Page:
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Edison Takes Our Spirit into the Haunted Past

Photo of Edison


Although the Denver-based Edison has been a band for just over two years, they have spent nearly all of that time on the road, including opening for acts such as Iron & Wine and Langhorne Slim. The trio has quickly gained a reputation from their tight and powerful live shows, and their first release, the nine-track Familiar Spirit lives up to, and surpasses the hype.

Photo of Edison by Kit Chalberg

Photo by Kit Chalberg

The acoustic trio of Maxwell Hughes (guitar and vocals), Sarah Slaton (guitar and vocals), and superbly talented Dustin Morris (percussion and mandolin) have spent so much of the past two years traveling that their songs were written in their van or hotel rooms. Travel seems central to the mission of the band and Familiar Spirit, as the footer to their website declares “home is wherever our feet go,” and the band’s twitter page gives their bio as “3 best friends living out of Van (Morrison).” While the album may be low budget—recorded in one cabin in the Chesapeake Bay and another in Colorado—the music sounds rich and full in quality.

“Back and Forth,” my favorite track on Familiar Spirit, is the perfect example of the lyrical and sound craftsmanship of the trio. In its structure, “Back and Forth” is traditional, almost a sea chantey in its composition, with solos and chorus blending seamlessly with simple, yet stunning percussion. The lyrics speak of the travel of a long-distance relationship, and the joy that comes with the familiarity of each mile marker that ticks off as you get closer to your destination, and the object of your love and desire. With soulful longing she cries:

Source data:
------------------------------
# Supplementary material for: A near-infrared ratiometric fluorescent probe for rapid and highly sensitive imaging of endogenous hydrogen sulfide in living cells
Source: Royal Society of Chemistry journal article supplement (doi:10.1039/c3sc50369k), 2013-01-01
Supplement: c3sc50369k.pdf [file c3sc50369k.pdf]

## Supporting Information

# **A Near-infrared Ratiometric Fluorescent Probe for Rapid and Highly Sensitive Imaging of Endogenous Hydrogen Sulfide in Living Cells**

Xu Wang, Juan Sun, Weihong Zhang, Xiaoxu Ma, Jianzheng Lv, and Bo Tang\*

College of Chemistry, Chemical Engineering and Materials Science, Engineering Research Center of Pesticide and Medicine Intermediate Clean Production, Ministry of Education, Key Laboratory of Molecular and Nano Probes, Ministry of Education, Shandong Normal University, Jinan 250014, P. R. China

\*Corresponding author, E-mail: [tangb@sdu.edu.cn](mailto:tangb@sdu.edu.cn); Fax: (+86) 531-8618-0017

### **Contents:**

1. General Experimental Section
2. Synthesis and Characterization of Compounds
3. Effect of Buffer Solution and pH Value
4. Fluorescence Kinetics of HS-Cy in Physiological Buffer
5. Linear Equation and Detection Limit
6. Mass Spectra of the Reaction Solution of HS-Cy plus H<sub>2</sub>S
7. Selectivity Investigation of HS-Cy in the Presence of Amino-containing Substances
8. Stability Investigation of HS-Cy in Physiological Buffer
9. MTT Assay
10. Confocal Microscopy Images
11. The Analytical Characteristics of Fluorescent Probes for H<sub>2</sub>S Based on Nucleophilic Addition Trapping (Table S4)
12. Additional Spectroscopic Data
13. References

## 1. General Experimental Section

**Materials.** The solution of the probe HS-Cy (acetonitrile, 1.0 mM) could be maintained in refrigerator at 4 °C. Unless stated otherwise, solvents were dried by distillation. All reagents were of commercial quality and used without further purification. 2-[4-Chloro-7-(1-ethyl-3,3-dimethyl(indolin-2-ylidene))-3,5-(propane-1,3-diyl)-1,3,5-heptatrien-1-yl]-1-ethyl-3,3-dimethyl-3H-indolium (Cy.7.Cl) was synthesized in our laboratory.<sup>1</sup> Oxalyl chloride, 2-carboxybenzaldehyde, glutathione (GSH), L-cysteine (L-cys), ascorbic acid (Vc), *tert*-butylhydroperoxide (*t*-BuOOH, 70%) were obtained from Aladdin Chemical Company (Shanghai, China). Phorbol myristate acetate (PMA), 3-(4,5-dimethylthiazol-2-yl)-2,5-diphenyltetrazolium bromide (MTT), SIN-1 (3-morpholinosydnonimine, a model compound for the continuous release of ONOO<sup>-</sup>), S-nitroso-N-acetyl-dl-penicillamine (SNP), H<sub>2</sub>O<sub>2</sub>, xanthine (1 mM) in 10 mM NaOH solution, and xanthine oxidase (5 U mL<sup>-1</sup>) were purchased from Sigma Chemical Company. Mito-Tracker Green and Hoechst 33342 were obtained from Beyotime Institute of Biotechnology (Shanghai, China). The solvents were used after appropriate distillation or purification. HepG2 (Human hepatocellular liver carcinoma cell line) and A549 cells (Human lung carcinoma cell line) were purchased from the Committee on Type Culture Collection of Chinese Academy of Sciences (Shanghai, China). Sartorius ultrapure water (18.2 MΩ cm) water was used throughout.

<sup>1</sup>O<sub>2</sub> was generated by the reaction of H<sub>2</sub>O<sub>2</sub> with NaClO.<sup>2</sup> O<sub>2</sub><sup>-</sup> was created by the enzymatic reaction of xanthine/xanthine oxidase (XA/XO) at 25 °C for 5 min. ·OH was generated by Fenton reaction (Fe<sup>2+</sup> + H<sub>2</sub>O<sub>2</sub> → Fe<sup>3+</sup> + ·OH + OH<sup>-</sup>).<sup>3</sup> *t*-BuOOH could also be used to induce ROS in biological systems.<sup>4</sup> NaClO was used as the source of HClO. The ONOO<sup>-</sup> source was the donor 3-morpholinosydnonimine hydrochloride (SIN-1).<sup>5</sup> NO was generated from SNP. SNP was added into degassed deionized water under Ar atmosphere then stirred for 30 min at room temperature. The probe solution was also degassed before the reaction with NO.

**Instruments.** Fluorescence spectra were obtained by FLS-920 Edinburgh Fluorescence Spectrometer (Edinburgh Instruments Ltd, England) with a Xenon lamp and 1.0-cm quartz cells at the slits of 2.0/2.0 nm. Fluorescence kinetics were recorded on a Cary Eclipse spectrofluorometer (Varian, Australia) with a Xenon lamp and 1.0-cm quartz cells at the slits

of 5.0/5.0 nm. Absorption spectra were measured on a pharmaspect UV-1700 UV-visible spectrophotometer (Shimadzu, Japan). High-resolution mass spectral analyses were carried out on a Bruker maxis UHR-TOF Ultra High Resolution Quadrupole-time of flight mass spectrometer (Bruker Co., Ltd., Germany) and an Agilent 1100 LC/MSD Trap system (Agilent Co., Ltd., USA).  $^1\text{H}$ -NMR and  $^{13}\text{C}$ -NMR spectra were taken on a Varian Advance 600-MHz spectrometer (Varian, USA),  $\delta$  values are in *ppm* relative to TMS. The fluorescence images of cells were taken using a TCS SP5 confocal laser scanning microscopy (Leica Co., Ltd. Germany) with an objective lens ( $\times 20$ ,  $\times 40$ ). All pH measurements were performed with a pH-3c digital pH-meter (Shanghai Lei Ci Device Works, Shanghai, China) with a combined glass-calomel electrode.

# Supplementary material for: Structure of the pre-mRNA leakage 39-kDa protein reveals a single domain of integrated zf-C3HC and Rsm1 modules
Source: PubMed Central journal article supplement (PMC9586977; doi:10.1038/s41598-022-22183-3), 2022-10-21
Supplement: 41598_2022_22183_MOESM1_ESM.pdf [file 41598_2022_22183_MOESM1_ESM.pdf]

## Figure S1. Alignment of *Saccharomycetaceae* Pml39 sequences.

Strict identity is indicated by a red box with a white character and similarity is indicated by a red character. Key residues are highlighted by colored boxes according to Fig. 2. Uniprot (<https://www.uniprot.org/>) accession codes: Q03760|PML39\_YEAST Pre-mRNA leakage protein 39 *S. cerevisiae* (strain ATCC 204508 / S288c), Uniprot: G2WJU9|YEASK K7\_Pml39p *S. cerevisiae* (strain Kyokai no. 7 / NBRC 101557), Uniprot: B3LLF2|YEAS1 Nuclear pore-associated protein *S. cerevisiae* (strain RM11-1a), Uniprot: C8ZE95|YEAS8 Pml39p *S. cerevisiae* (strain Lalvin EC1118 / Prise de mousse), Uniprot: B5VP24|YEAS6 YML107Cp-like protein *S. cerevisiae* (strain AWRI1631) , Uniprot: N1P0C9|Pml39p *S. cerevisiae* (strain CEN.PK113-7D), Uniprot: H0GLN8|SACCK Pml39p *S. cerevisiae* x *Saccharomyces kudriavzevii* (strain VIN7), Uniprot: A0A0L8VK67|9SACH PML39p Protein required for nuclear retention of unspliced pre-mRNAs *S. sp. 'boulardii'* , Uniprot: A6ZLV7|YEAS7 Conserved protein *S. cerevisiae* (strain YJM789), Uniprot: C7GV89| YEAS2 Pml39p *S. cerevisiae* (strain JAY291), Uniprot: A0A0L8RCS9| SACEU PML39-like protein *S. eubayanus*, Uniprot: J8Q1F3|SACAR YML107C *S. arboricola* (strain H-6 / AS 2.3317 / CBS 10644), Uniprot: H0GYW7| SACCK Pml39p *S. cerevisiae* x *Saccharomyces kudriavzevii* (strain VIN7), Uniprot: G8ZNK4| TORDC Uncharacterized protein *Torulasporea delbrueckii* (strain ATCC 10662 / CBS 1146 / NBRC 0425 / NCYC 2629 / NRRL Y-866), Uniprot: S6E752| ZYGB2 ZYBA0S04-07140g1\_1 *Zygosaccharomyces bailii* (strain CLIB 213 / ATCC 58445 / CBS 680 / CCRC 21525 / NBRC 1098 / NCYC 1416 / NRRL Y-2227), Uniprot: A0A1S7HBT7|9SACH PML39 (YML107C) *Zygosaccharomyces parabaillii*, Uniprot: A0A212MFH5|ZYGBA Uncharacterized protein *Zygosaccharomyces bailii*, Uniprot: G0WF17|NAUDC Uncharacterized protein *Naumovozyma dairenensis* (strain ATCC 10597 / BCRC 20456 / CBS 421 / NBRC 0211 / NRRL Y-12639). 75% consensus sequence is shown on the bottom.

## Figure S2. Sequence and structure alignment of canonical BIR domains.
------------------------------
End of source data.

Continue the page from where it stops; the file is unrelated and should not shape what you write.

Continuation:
Back and forth we go again

Where you stop, I will end

I don’t mind

Drive across the country

Miles between you and me

I don’t mind.

Slaton’s voice is at its most seductive in this song when she sings the lines “Ohhh my/Ohhh me/You pull like the moon/I move like the sea.”

Track number 5, “Open Road” is as well-crafted as “Back and Forth” with upbeat tempos and rhythms made for sharing a head bop in time with the person in the seat across from you. The light playful lead guitar licks work wonderfully with the washboard and other traditional folk percussion, and is the antidote to the haunting sounds of previous breakup tracks “Civil War” and “Water in the Well.”

Edison is worthy of praise, and a following, because of the authenticity in their lyrics and musicianship. An odd or rare instrument is not dropped into a song as a novelty or as a way to prove “folk” cred but because the song—either the lyrical or the musical writing—called for that particular sound to evoke a particular feeling. My only complaint about the record is that I couldn’t decide to hit repeat after each song, or to wait to listen to the entire album again.

9,300 out of 10,000 Rawckus Kung Fu Throwing Stars